Just another round of biological warfare

“Science is the whore of industry and the handmaiden of war.” - Edward Abbey

by Robert T. Nanninga

fter 30 days of an unrelenting media blitz of propaganda and fear mongering, my cynicism is all that's left in me. Not a day passes without one of the televised heads reminding those tuning in that this is a changed world. Whereas this is true in many ways, grimmer is the realization that very little has changed, nor will it. Oh sure, there are a few more security checks to deal with, as well as other public placebos designed to give the illusion of control, but no significant shift has taken place other than the shattering of America's sense of imperious invulnerability.

    Currently, the panic de jour revolves around biochemical attacks on civilians - as if that hasn't been the norm since the invention of DDT and other pesticides. Everywhere Americans go, they are subjected to a chemical soup that passes for air. In a world not at war, we are still under attack by the industries that grow rich pumping tons of toxins into the atmosphere. Most we consider mundane, if not completely necessary. Air fresheners, oven cleaners, paint, cologne, perfume, hair spray and furniture polish are just of the few chemicals we regularly inject into the community.

    Biological warfare has always been a part of the American experience, most of it self-induced.

    The indigenous tribes were the first to be subjected to horrors of germ warfare. Small pox-laden blankets where an easy way to reduce the number of people claiming the right to exist in the “new” world. In 1955, the Tampa Bay area of Florida experienced a sharp rise in whooping cough cases, including 12 deaths, after a bacteria withdrawn from the Army's Chemical and Biological Warfare arsenal was released, by the CIA, into the environment. Details of the test are still classified.

    In 1965, scientists for Dow Chemical began a three year study at Philadelphia's Holmesburg State Prison to test the effects of dioxin - the highly toxic chemical contaminant in Agent Orange - on inmates. On June 9, 1969, Dr. D. M. McArtor, then Deputy Director of Research and Technology for the Department of Defense, asked the House Subcommittee on Appropriations to fund a project to produce a synthetic biological agent for which humans have not yet acquired a natural immunity. Dr. McArtor asked for $10 million dollars to produce this agent over the next 5-10 years.

    In 1977, the US Army admitted carrying out hundreds of chemical and biological warfare tests, including at least 25 that targeted domestic populations. Previously classified records show that, between 1951 and 1967, the Army used disease-causing microbes in open air tests and knowingly discharged anti-crop substances into the environment. National security was cited as the reason.

    Far from coincidental, it seems that biochemical warfare is just a byproduct of the chemical industry. In fact, the companies producing substances to kill bugs and weeds are the same corporations manufacturing biological weapons for the eradication of humans. Napalm not only clears away vegetation; it also leaves a toxic legacy to those exposed to it. And yes, American troops are currently involved in the chemical defoliation of South American jungles in the name of national security, as it relates to the establishment's “war on drugs.”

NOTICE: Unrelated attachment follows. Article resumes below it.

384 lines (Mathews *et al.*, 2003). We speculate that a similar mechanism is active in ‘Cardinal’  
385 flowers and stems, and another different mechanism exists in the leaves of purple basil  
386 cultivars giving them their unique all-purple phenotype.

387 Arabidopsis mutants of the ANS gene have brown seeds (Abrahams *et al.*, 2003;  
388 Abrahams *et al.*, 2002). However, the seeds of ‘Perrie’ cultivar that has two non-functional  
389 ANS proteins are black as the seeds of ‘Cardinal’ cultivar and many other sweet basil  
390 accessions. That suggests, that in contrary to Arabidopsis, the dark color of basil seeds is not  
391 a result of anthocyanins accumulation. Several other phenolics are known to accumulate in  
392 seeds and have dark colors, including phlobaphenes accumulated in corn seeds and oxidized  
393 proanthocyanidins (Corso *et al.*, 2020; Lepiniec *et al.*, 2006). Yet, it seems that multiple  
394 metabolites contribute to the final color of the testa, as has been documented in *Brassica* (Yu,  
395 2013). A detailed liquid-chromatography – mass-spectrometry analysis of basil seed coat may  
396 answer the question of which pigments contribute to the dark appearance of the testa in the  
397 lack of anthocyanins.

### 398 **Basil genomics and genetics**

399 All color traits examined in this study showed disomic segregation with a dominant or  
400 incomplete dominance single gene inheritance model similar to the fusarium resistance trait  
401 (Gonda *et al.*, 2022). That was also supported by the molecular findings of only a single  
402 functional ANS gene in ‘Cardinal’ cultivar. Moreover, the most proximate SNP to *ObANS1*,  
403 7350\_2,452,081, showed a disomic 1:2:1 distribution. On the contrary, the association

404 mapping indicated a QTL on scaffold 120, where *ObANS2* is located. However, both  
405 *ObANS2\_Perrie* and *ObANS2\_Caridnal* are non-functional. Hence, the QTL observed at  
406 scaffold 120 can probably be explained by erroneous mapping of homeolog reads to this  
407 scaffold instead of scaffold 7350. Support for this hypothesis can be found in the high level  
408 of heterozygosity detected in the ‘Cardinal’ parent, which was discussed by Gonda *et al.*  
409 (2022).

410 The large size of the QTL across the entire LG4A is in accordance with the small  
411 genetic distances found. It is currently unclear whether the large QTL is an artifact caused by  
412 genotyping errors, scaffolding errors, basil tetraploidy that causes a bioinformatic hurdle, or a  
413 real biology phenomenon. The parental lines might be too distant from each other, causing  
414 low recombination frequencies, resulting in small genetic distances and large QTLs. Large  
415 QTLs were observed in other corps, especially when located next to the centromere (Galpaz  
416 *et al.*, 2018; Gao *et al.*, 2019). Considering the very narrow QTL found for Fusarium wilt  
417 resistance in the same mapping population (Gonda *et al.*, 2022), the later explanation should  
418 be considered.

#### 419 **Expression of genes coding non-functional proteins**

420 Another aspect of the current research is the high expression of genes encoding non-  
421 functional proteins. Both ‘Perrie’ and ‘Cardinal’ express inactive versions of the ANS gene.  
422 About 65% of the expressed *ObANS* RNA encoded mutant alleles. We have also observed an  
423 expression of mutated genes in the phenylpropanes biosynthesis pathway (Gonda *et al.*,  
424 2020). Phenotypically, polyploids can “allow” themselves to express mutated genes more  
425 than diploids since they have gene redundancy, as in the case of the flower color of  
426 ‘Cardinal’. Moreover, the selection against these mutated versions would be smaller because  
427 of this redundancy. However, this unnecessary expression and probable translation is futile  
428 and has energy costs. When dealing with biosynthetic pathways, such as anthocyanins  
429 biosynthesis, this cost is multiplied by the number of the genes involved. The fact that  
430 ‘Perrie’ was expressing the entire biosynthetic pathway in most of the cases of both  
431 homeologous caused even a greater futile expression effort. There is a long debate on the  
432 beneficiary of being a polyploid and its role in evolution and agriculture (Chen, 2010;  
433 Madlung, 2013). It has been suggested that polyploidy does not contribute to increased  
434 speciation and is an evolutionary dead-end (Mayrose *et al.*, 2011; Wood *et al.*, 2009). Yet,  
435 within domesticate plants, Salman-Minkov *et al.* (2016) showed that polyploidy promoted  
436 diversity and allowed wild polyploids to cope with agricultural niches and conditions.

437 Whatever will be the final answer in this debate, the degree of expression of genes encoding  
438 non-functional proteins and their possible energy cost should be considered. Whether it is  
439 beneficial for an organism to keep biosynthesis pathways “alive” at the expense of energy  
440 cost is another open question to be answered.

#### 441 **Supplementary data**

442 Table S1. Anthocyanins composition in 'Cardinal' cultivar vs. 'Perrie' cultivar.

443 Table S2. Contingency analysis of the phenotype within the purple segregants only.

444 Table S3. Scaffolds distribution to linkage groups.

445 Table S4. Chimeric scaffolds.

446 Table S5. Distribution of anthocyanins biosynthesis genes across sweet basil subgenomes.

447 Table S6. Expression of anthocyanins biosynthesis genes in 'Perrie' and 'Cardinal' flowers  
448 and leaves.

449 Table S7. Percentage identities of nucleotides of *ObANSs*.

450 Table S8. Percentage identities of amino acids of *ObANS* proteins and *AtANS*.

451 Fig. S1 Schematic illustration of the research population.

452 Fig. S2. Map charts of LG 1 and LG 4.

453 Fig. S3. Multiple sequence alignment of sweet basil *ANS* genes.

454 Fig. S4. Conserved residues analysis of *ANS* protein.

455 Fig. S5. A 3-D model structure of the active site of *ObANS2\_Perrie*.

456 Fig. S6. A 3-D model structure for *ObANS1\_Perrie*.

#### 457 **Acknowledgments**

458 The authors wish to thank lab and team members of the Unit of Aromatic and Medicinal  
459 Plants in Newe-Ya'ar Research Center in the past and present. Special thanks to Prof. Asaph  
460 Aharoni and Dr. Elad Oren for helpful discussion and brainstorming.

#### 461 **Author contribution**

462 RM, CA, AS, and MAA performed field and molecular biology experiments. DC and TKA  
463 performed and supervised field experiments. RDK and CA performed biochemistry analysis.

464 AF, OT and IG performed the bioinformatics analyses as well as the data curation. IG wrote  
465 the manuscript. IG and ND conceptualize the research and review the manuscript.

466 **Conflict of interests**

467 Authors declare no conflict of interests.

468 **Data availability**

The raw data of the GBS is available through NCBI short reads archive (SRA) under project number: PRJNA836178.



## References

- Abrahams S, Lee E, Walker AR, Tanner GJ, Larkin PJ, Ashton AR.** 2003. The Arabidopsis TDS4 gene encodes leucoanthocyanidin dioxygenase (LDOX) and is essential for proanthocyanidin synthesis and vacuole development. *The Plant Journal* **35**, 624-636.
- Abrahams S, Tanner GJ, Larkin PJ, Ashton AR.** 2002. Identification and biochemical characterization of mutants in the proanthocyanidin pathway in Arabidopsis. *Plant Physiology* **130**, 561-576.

Agricultural by-products by far pose the largest chemical risk to Americans. It's not a coincidence that terrorists were researching the use of crop dusters to spread biological poisons in populated areas. That is what they were designed for. Tons of toxic chemicals are sprayed every year on fruits and vegetables grown in America, as a way of increasing yields and profits. DDT, which is banned for use in America, is still manufactured here and sold to developing countries without such environmental regulations. The DDT-laden produce is then sold back to Americans, who gladly eat it. After thanking God for the bounty of free trade.

    More Americans will die this month and every month as a result of smoking cigarettes than will perish from terrorism. More Americans will die this year in alcohol-related traffic accidents, yet alcohol is readily available and drinking establishments are required to provide parking spaces for those coming to drink.

    Chemical and biological warfare is nothing new. We subject our children to it every day; we advocate its use in the name of profit and convenience. Could the real issue here be that Americans are willing to poison themselves and the world, but only on their terms? Perhaps such ethical disconnect is what has brought us here in the first place.

    Robert Nanninga is a free-lance writer, producer and environmental journalist. A native of Vista living in Leucadia, he Chairs San Diego ZPG, as well as representing coastal North County on the Green County Council.